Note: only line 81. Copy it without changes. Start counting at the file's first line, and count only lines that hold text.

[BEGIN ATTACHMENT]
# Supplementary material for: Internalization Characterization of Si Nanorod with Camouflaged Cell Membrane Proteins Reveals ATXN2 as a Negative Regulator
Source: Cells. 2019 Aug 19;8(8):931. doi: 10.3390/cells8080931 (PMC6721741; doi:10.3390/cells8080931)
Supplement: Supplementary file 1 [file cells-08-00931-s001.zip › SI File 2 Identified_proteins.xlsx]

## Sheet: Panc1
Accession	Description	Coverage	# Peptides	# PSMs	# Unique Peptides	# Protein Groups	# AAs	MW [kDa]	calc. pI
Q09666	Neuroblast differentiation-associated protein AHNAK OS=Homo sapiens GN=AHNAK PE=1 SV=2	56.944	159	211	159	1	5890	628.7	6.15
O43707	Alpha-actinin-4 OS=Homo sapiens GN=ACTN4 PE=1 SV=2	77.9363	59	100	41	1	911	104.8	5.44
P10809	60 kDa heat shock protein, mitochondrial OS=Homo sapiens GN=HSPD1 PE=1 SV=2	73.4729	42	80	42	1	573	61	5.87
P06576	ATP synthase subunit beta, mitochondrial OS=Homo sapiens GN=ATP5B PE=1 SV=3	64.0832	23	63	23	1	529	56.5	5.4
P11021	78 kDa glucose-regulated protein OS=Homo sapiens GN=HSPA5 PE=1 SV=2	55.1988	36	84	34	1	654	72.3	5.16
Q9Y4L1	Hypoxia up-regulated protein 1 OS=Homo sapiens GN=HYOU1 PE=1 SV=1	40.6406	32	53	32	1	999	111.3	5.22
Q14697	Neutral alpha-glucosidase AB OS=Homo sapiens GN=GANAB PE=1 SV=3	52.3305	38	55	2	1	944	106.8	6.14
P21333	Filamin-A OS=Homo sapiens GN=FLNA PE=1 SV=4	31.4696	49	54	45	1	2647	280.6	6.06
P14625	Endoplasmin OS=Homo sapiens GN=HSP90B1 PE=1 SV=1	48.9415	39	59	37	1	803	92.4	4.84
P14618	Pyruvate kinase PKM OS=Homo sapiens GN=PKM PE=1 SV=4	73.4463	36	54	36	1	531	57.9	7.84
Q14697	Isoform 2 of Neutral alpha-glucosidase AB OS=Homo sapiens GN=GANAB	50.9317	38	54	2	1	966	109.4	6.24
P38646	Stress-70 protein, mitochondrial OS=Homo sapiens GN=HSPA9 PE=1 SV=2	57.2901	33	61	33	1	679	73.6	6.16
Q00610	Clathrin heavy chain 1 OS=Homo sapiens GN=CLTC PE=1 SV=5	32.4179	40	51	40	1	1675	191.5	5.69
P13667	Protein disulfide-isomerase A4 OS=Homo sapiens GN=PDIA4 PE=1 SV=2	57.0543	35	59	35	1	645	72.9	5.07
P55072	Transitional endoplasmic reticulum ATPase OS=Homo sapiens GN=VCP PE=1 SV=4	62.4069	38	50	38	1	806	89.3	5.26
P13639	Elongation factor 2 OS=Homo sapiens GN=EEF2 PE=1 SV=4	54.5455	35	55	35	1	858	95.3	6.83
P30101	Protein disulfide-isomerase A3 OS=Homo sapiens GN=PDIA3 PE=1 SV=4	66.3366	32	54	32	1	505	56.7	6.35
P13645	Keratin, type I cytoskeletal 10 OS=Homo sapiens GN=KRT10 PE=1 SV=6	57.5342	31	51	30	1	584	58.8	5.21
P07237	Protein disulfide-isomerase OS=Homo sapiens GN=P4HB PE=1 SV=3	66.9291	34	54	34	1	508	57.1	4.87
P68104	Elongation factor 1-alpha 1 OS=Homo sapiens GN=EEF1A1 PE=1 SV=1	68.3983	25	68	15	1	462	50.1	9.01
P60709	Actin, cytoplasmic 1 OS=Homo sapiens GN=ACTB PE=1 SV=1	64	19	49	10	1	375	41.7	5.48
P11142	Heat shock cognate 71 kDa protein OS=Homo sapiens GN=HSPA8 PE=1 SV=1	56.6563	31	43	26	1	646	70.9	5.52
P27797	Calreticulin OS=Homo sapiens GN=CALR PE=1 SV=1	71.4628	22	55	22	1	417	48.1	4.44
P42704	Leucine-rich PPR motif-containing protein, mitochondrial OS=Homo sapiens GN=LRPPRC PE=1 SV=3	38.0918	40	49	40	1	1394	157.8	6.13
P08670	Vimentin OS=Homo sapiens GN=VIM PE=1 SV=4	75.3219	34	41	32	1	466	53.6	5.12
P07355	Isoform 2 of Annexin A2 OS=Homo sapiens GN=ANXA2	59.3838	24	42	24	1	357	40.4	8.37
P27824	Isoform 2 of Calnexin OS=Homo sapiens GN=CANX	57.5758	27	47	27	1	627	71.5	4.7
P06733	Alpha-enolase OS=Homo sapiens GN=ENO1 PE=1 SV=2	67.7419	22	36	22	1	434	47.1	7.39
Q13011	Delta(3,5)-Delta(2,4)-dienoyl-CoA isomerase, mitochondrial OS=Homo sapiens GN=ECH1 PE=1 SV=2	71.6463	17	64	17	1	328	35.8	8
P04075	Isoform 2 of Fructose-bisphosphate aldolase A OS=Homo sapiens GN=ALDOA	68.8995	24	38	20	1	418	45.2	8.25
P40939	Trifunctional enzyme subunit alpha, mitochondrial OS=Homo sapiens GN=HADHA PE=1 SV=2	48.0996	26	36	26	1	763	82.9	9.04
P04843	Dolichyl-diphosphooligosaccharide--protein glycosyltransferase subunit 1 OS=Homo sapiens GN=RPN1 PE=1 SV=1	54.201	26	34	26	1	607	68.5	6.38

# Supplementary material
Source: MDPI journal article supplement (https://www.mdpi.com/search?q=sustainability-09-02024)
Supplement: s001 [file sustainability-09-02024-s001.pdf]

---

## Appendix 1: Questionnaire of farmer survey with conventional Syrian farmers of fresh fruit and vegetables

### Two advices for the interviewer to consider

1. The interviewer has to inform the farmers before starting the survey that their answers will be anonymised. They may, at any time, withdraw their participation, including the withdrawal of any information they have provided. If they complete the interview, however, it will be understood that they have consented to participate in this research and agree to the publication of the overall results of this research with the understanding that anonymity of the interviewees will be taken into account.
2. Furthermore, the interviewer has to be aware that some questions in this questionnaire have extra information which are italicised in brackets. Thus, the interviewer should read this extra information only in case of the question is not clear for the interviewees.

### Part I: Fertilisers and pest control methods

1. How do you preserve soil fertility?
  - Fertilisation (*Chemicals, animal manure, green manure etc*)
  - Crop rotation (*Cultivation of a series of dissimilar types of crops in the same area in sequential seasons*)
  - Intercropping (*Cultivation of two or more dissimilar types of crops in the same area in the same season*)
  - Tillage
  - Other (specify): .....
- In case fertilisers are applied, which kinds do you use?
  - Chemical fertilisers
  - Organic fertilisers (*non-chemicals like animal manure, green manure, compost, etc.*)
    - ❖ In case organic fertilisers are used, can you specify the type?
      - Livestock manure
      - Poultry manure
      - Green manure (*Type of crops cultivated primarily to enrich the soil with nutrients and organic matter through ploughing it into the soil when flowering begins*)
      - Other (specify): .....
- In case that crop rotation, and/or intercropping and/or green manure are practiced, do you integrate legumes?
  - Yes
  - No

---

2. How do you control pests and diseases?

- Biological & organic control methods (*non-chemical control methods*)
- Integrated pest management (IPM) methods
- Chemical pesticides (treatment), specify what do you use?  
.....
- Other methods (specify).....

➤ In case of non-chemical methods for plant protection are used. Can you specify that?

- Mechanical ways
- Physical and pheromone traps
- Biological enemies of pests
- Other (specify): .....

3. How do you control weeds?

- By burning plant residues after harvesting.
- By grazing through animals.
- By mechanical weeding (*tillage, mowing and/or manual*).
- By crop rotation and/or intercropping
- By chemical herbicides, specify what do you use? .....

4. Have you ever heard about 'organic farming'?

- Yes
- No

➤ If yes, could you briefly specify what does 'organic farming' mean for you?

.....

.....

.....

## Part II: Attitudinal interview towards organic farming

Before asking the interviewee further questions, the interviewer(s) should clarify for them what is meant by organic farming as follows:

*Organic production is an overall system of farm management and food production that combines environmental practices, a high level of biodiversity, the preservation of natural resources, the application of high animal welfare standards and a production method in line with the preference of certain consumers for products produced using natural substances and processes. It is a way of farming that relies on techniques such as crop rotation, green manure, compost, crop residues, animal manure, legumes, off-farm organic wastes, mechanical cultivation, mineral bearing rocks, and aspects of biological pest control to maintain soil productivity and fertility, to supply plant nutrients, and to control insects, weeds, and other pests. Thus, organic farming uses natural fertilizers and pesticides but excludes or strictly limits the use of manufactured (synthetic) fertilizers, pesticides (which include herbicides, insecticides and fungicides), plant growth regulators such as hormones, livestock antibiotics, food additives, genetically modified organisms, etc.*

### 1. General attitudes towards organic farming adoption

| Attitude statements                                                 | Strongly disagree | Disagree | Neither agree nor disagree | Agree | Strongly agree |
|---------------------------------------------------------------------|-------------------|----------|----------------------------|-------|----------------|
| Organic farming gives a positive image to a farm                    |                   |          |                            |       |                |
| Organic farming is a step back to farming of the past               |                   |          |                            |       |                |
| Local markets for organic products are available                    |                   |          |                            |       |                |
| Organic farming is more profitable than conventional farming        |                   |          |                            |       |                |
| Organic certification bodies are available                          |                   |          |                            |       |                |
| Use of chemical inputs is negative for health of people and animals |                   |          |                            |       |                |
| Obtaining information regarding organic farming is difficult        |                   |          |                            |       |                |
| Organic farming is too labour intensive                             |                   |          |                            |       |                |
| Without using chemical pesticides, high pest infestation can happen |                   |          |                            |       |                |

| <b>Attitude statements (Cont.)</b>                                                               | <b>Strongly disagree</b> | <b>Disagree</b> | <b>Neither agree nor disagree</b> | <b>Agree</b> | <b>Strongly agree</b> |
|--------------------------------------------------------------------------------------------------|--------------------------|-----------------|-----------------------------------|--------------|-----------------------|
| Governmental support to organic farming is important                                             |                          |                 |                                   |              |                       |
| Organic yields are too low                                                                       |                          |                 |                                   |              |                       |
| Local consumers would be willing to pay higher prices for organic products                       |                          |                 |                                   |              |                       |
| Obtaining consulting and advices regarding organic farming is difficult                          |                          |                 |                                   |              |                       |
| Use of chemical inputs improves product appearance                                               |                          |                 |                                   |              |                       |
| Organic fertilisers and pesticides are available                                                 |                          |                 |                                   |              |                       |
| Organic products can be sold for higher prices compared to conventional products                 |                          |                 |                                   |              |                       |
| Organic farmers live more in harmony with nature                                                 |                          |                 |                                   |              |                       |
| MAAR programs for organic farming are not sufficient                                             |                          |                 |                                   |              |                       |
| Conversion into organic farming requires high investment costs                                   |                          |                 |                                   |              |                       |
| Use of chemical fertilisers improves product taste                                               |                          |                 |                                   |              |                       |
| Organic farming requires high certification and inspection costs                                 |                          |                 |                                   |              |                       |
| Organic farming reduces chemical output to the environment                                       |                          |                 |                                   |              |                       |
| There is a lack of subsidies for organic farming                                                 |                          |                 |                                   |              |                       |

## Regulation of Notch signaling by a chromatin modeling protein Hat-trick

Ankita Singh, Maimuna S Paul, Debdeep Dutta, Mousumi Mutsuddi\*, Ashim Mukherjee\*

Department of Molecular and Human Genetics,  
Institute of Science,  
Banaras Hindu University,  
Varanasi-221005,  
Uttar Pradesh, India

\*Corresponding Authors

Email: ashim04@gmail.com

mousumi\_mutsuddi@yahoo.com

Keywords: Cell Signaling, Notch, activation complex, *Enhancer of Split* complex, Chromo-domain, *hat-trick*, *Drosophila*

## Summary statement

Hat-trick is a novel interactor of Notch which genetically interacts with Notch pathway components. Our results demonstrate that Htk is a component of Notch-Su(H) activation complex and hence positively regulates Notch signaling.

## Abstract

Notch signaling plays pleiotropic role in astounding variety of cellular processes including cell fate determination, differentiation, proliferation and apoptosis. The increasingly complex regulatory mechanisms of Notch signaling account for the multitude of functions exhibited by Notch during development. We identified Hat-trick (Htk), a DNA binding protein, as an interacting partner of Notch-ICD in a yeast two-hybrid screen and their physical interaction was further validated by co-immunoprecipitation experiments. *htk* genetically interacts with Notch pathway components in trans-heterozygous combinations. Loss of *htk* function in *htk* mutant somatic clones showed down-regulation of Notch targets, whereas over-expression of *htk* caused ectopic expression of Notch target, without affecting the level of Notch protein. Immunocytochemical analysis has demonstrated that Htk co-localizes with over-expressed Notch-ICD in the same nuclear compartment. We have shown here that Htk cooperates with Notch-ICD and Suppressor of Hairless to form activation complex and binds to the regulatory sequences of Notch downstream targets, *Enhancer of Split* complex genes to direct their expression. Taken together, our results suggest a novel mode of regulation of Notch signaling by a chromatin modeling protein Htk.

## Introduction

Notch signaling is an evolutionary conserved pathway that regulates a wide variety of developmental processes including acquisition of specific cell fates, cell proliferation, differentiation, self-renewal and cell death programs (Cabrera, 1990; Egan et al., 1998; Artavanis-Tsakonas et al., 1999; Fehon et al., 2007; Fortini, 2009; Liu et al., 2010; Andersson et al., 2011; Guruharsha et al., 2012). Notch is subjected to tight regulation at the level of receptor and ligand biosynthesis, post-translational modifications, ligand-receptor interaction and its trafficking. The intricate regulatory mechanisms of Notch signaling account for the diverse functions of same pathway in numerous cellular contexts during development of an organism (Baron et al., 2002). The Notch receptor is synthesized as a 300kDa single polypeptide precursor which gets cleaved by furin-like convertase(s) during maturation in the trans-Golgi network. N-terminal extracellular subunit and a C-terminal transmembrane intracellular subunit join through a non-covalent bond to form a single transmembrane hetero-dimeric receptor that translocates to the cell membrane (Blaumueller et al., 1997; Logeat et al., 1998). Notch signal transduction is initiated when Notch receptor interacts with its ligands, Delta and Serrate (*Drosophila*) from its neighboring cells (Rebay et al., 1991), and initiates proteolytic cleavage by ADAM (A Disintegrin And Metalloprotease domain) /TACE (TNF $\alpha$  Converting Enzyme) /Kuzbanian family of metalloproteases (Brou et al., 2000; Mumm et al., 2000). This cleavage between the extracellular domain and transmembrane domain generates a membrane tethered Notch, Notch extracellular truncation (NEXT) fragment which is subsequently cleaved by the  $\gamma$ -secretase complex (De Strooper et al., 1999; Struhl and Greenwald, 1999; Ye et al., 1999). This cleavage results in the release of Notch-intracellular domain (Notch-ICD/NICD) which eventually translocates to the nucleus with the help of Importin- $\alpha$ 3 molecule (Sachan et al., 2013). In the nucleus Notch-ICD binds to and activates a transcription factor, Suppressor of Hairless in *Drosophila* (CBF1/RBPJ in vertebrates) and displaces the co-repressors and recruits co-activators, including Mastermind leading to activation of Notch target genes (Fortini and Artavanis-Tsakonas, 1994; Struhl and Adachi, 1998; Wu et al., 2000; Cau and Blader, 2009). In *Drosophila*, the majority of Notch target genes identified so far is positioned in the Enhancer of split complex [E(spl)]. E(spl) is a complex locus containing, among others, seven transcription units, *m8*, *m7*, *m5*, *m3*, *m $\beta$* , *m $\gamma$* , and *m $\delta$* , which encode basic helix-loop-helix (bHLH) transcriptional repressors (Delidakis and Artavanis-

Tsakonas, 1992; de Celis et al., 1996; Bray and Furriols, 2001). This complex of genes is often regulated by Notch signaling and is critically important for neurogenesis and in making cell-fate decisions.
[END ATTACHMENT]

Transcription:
- By chemical herbicides, specify what do you use? .....